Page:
The US Senate allowed the nomination of a new ambassador to Cambodia to lapse Wednesday, effectively killing the nomination of Kent Wiedemann, at least until January.
The failure to confirm Wiedemann, now charge d’affaires in Burma, puts a question mark over who will fill the post of Ambassador Kenneth Quinn, who had been expected to leave as early as next month.
But the US administration rejected calls from Cambodian opposition politicians for the US to leave the post vacant as a message to Second Prime Minister Hun Sen.
“In our judgement, it is important to have an ambassador in Cambodia,” a State Department policy statement said this week.
Wiedemann’s nomination was withheld from a vote as the Senate rushed to approve a long list of ambassadorial nominees before recessing for the rest of the calendar year.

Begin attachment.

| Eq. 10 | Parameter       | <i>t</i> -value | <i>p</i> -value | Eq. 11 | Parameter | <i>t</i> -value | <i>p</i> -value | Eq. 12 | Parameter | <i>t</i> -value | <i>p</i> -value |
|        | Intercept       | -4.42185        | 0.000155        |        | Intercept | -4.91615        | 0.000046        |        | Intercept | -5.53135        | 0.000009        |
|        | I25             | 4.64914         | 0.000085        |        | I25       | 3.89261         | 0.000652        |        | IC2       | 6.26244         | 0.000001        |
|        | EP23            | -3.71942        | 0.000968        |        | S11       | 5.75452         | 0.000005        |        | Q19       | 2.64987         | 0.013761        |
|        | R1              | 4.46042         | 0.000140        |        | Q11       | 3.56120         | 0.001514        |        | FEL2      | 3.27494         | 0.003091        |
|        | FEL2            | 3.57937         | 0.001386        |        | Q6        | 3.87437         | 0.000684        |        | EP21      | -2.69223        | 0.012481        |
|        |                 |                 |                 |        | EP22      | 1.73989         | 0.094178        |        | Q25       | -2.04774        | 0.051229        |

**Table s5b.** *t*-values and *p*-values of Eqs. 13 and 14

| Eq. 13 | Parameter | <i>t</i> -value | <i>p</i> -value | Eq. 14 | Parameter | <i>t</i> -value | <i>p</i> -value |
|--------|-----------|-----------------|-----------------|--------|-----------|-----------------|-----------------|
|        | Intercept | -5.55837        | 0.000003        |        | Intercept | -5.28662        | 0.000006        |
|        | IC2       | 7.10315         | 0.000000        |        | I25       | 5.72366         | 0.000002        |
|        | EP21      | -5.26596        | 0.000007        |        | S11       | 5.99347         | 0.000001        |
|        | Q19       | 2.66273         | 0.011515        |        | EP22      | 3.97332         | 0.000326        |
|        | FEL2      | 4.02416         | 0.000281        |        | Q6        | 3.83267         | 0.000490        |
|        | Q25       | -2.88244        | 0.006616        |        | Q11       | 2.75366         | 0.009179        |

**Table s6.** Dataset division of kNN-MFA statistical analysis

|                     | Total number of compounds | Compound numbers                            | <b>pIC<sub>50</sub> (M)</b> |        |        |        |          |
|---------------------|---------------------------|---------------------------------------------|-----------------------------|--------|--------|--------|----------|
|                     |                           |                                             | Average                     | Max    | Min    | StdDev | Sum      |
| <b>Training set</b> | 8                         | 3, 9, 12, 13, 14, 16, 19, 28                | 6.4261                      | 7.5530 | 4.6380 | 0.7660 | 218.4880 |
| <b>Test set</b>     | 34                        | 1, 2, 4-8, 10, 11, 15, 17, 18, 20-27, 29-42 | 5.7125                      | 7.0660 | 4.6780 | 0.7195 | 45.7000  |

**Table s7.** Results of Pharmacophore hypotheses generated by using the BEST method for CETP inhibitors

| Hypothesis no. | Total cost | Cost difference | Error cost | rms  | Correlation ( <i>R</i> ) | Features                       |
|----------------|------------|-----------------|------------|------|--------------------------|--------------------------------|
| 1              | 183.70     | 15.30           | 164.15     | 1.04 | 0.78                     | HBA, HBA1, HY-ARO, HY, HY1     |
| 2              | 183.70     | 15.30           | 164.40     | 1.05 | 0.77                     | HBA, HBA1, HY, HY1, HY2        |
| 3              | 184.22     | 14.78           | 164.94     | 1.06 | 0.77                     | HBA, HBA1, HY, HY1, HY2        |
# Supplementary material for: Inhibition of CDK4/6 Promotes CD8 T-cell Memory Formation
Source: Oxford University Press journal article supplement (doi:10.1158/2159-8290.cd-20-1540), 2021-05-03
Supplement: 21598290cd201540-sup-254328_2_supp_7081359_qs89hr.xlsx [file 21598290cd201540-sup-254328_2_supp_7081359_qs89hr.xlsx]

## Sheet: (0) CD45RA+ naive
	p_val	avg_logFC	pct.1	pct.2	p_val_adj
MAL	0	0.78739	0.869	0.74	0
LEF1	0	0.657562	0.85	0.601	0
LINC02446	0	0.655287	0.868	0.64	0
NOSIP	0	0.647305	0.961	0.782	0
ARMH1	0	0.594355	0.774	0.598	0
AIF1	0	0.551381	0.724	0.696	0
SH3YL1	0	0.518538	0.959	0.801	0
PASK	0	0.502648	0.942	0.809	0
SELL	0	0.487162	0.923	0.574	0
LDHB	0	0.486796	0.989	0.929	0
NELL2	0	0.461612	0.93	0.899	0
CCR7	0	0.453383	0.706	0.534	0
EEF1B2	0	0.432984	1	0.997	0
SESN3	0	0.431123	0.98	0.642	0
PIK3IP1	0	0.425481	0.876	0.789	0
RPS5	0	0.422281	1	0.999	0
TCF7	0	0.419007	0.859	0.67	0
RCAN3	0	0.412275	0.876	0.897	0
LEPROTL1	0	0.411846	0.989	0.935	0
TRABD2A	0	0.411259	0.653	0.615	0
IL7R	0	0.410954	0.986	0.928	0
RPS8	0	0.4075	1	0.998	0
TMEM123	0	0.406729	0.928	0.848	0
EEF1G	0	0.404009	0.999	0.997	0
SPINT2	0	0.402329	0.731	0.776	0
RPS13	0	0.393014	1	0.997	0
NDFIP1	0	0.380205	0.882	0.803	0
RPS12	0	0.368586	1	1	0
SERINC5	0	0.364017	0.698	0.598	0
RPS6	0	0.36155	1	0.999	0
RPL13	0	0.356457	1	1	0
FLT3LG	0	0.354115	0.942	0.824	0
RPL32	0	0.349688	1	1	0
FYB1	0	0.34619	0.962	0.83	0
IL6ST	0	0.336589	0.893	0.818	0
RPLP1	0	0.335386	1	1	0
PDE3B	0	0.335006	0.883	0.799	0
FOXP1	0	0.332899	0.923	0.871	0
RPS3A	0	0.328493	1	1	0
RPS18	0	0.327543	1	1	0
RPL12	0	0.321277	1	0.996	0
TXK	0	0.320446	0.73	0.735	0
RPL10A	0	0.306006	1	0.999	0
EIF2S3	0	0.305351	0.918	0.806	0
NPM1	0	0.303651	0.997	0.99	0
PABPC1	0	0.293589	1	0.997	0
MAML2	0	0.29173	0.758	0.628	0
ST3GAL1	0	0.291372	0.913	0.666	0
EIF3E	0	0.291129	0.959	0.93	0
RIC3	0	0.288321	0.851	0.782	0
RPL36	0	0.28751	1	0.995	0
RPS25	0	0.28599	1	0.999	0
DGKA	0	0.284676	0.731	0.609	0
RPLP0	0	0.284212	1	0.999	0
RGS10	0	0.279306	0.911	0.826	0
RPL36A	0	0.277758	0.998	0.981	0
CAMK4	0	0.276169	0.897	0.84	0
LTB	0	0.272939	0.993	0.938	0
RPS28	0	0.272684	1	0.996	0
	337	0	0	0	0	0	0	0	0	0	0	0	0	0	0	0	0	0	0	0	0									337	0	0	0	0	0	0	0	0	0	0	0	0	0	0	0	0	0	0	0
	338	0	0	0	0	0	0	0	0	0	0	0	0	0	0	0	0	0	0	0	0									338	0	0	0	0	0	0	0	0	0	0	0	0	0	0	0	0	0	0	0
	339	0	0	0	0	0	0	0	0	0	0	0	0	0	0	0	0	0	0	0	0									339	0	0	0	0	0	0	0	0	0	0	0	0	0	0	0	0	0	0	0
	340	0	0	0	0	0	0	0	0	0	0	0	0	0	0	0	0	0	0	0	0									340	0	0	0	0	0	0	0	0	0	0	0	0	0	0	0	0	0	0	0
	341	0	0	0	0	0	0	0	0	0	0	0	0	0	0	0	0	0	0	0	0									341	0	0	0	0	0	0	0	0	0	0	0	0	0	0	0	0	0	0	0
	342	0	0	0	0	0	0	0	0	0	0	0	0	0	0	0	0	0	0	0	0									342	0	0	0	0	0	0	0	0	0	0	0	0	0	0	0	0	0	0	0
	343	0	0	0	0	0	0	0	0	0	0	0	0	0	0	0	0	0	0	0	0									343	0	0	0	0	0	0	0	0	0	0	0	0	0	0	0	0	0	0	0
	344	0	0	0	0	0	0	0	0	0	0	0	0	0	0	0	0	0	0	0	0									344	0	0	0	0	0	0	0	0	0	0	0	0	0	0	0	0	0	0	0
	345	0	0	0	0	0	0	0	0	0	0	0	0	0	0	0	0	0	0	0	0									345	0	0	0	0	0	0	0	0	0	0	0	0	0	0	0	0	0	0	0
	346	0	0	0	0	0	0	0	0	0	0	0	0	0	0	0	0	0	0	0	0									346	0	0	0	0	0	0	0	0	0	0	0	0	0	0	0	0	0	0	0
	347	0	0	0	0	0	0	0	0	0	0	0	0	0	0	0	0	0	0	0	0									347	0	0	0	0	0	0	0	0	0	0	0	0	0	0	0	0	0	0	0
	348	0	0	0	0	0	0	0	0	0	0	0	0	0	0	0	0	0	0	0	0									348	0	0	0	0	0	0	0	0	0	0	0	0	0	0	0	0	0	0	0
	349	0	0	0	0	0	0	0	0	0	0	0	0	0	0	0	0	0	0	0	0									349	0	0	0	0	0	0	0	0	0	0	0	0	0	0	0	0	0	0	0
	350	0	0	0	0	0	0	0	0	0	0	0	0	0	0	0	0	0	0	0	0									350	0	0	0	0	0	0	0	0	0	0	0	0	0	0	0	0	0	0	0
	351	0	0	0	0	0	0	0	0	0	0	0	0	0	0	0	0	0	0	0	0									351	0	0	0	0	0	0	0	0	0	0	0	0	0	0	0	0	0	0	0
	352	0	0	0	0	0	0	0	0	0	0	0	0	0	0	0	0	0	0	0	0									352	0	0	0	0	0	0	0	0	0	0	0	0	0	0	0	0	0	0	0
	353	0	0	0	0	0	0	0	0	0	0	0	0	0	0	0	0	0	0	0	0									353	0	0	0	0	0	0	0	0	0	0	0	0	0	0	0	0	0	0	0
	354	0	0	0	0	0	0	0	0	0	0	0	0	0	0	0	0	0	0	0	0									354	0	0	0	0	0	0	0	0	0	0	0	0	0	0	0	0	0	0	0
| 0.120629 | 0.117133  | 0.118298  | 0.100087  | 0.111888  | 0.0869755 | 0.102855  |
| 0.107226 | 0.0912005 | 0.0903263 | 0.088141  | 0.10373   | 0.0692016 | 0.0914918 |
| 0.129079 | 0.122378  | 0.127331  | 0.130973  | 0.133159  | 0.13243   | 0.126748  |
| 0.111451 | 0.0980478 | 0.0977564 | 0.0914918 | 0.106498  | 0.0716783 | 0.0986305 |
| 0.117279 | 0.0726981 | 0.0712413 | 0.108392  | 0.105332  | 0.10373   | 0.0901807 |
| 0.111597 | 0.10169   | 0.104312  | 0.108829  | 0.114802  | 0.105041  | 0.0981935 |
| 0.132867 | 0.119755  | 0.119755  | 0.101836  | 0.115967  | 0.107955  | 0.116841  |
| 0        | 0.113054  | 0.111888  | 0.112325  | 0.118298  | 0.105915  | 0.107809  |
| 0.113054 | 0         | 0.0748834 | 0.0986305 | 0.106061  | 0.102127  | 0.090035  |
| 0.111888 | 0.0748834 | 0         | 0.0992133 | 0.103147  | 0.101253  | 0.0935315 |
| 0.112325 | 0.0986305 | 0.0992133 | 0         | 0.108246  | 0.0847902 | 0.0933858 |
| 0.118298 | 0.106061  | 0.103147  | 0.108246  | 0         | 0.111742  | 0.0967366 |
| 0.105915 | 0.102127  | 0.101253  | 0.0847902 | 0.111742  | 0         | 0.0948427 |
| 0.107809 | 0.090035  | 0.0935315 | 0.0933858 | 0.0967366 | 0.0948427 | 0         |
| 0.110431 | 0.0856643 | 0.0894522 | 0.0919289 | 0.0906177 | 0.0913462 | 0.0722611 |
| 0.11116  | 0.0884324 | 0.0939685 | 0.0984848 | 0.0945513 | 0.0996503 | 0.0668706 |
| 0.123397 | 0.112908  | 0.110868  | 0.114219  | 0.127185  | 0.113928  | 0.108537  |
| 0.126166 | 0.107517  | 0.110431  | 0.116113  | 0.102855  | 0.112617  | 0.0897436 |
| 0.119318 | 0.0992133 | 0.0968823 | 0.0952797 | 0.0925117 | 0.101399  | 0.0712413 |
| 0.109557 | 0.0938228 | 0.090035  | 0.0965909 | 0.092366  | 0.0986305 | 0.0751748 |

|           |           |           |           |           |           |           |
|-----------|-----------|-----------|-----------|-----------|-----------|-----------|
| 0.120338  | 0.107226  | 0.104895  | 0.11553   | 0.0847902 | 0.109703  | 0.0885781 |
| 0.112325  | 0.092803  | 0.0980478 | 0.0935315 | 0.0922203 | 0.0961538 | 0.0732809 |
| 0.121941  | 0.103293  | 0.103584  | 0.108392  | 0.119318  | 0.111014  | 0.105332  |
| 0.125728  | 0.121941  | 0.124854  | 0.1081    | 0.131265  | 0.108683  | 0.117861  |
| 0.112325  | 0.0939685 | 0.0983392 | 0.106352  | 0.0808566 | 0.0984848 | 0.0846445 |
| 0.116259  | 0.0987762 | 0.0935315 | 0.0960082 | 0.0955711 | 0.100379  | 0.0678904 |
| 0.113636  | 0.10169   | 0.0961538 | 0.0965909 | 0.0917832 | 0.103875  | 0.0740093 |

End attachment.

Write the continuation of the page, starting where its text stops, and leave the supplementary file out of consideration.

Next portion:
Opposition leaders Prince Norodom Ranariddh and Sam Rainsy had opposed Wiedemann in a Sept 11 letter to Senate Foreign Relations Committee Chairman Jesse Helms, saying Wiedemann “may be less than supportive of the cause of democracy in Cambodia.”
Embassy insiders said that Quinn, who has served in Phnom Penh for 2 1/2 years, could be asked to stay on for another stint. Or, if he leaves, First Secretary Carol Rodley could be put in charge until a new nominee, perhaps Wiedemann again, is put forward in the new US Senate in January.
Quinn, reached at his office in Phnom Penh, declined comment, saying only, “Kent is a friend of mine, and I am disappointed for him.”
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